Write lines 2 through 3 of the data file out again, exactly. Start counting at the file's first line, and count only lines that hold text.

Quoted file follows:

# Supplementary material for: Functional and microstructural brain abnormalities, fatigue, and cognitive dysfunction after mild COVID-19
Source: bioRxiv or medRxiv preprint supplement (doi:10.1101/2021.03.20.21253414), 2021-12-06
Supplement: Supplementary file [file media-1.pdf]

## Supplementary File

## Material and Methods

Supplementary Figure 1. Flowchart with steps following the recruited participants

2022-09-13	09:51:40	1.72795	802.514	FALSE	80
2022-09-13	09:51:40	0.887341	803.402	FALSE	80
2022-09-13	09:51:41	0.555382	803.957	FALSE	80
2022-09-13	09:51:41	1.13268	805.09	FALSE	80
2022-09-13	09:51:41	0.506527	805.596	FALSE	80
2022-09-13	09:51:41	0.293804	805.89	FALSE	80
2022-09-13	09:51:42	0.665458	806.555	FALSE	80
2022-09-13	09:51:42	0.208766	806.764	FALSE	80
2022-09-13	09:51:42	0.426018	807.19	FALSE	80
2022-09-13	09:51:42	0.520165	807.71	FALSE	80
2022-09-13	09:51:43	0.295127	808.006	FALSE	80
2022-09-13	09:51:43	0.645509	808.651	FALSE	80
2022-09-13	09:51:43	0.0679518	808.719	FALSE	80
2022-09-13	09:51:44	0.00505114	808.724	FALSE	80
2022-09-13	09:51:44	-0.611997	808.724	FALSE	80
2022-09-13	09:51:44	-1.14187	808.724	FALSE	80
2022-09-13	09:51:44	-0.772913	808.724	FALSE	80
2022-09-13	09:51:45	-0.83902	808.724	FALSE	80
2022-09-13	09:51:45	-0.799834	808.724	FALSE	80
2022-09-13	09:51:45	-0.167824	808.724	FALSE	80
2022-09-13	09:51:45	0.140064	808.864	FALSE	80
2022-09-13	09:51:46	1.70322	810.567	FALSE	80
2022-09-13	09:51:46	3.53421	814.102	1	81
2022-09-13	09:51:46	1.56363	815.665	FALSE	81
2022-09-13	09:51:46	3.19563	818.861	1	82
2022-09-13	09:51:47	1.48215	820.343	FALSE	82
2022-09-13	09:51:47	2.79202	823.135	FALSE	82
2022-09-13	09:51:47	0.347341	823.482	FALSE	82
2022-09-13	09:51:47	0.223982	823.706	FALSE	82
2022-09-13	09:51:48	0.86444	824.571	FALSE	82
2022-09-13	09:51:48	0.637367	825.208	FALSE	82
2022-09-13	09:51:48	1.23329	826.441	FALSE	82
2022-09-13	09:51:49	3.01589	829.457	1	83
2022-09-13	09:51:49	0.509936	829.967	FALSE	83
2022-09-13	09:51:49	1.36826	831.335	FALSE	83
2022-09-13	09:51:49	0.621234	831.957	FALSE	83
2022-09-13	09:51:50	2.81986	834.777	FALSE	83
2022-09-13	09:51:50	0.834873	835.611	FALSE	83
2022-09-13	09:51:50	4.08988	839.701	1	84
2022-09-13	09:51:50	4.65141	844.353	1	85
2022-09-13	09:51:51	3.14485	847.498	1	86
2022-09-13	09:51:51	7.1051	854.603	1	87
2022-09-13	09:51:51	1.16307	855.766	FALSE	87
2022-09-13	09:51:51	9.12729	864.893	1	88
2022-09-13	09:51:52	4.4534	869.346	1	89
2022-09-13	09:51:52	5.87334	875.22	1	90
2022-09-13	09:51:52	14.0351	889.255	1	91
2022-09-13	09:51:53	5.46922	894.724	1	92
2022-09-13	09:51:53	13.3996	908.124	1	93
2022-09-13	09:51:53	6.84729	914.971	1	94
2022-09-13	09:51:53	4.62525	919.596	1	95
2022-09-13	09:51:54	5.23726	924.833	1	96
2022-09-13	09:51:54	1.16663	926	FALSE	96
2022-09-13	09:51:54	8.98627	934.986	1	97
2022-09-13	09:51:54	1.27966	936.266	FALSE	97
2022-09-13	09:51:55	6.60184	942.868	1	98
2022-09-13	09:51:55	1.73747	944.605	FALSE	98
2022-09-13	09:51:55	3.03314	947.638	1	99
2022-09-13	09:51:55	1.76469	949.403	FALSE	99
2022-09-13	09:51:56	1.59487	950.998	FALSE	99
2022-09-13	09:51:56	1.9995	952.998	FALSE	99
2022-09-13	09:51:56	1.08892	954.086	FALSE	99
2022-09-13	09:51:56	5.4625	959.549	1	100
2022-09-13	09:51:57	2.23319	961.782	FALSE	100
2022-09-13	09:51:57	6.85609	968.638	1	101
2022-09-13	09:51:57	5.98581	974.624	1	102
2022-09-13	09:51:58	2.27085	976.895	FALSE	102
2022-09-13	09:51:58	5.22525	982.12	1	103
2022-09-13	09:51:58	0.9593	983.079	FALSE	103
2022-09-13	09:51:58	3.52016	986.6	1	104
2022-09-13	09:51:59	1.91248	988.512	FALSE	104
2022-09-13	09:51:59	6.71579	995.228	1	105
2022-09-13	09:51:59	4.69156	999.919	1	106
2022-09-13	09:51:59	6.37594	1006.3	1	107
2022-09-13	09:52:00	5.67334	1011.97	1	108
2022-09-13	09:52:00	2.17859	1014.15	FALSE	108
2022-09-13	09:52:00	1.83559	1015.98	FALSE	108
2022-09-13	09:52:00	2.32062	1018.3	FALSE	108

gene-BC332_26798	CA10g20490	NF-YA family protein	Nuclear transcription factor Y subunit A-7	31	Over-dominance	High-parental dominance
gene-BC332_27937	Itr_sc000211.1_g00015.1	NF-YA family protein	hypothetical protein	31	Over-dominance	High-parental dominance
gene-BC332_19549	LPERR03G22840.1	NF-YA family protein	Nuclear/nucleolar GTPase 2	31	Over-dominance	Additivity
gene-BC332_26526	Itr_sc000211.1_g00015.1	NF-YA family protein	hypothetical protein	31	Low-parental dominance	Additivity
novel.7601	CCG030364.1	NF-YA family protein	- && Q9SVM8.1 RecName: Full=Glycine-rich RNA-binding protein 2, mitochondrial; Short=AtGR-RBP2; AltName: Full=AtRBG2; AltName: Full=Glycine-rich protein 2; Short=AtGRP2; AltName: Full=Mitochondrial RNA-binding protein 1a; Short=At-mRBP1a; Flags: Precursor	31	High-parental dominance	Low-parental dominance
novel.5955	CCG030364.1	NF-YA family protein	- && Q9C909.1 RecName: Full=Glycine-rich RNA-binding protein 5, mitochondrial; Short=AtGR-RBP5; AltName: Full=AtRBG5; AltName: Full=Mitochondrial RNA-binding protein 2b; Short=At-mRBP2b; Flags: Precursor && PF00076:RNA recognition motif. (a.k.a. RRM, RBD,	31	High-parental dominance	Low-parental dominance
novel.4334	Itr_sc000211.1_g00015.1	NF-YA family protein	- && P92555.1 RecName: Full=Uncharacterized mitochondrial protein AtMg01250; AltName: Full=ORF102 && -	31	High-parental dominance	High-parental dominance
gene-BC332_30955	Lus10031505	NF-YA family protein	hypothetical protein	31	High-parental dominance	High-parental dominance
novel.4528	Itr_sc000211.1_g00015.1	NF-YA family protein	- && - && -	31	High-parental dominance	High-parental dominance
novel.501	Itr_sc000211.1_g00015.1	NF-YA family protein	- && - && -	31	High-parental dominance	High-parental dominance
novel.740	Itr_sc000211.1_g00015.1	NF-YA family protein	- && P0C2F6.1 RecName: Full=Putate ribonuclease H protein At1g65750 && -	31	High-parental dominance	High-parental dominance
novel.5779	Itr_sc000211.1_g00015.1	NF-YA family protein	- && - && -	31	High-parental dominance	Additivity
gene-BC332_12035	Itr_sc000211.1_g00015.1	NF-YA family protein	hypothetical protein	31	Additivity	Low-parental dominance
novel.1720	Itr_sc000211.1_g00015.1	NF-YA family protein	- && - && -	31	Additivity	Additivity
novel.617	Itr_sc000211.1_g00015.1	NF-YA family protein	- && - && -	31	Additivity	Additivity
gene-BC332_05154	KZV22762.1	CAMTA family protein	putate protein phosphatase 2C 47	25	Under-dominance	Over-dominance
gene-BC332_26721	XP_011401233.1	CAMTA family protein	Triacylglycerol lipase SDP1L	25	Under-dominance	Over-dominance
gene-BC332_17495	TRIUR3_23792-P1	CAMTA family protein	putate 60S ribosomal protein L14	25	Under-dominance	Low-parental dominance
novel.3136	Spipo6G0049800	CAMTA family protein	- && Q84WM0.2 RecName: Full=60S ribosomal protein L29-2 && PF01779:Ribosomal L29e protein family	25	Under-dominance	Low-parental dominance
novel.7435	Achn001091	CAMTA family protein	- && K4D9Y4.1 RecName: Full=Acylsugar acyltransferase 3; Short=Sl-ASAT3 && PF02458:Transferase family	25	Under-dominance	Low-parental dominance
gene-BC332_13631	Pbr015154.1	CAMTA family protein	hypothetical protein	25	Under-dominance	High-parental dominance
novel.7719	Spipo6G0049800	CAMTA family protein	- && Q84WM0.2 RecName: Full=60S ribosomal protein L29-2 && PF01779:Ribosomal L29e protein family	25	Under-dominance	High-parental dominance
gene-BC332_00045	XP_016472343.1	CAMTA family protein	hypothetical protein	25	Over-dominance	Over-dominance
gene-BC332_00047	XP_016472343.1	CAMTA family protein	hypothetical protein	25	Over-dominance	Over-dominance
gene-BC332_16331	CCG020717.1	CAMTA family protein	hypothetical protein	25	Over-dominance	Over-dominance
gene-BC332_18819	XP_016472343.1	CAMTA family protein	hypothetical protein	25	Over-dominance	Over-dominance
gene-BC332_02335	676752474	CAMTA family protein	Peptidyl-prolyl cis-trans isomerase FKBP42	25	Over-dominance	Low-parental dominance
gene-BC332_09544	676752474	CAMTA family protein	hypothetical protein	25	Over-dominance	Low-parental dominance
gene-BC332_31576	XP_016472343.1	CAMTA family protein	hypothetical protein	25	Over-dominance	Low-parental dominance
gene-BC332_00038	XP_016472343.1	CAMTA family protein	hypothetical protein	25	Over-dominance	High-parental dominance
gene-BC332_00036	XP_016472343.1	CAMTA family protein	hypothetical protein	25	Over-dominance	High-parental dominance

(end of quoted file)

Source: bioRxiv or medRxiv preprint supplement (doi:10.1101/2021.03.20.21253414), 2021-12-06
Supplement: Supplementary file [file media-1.pdf]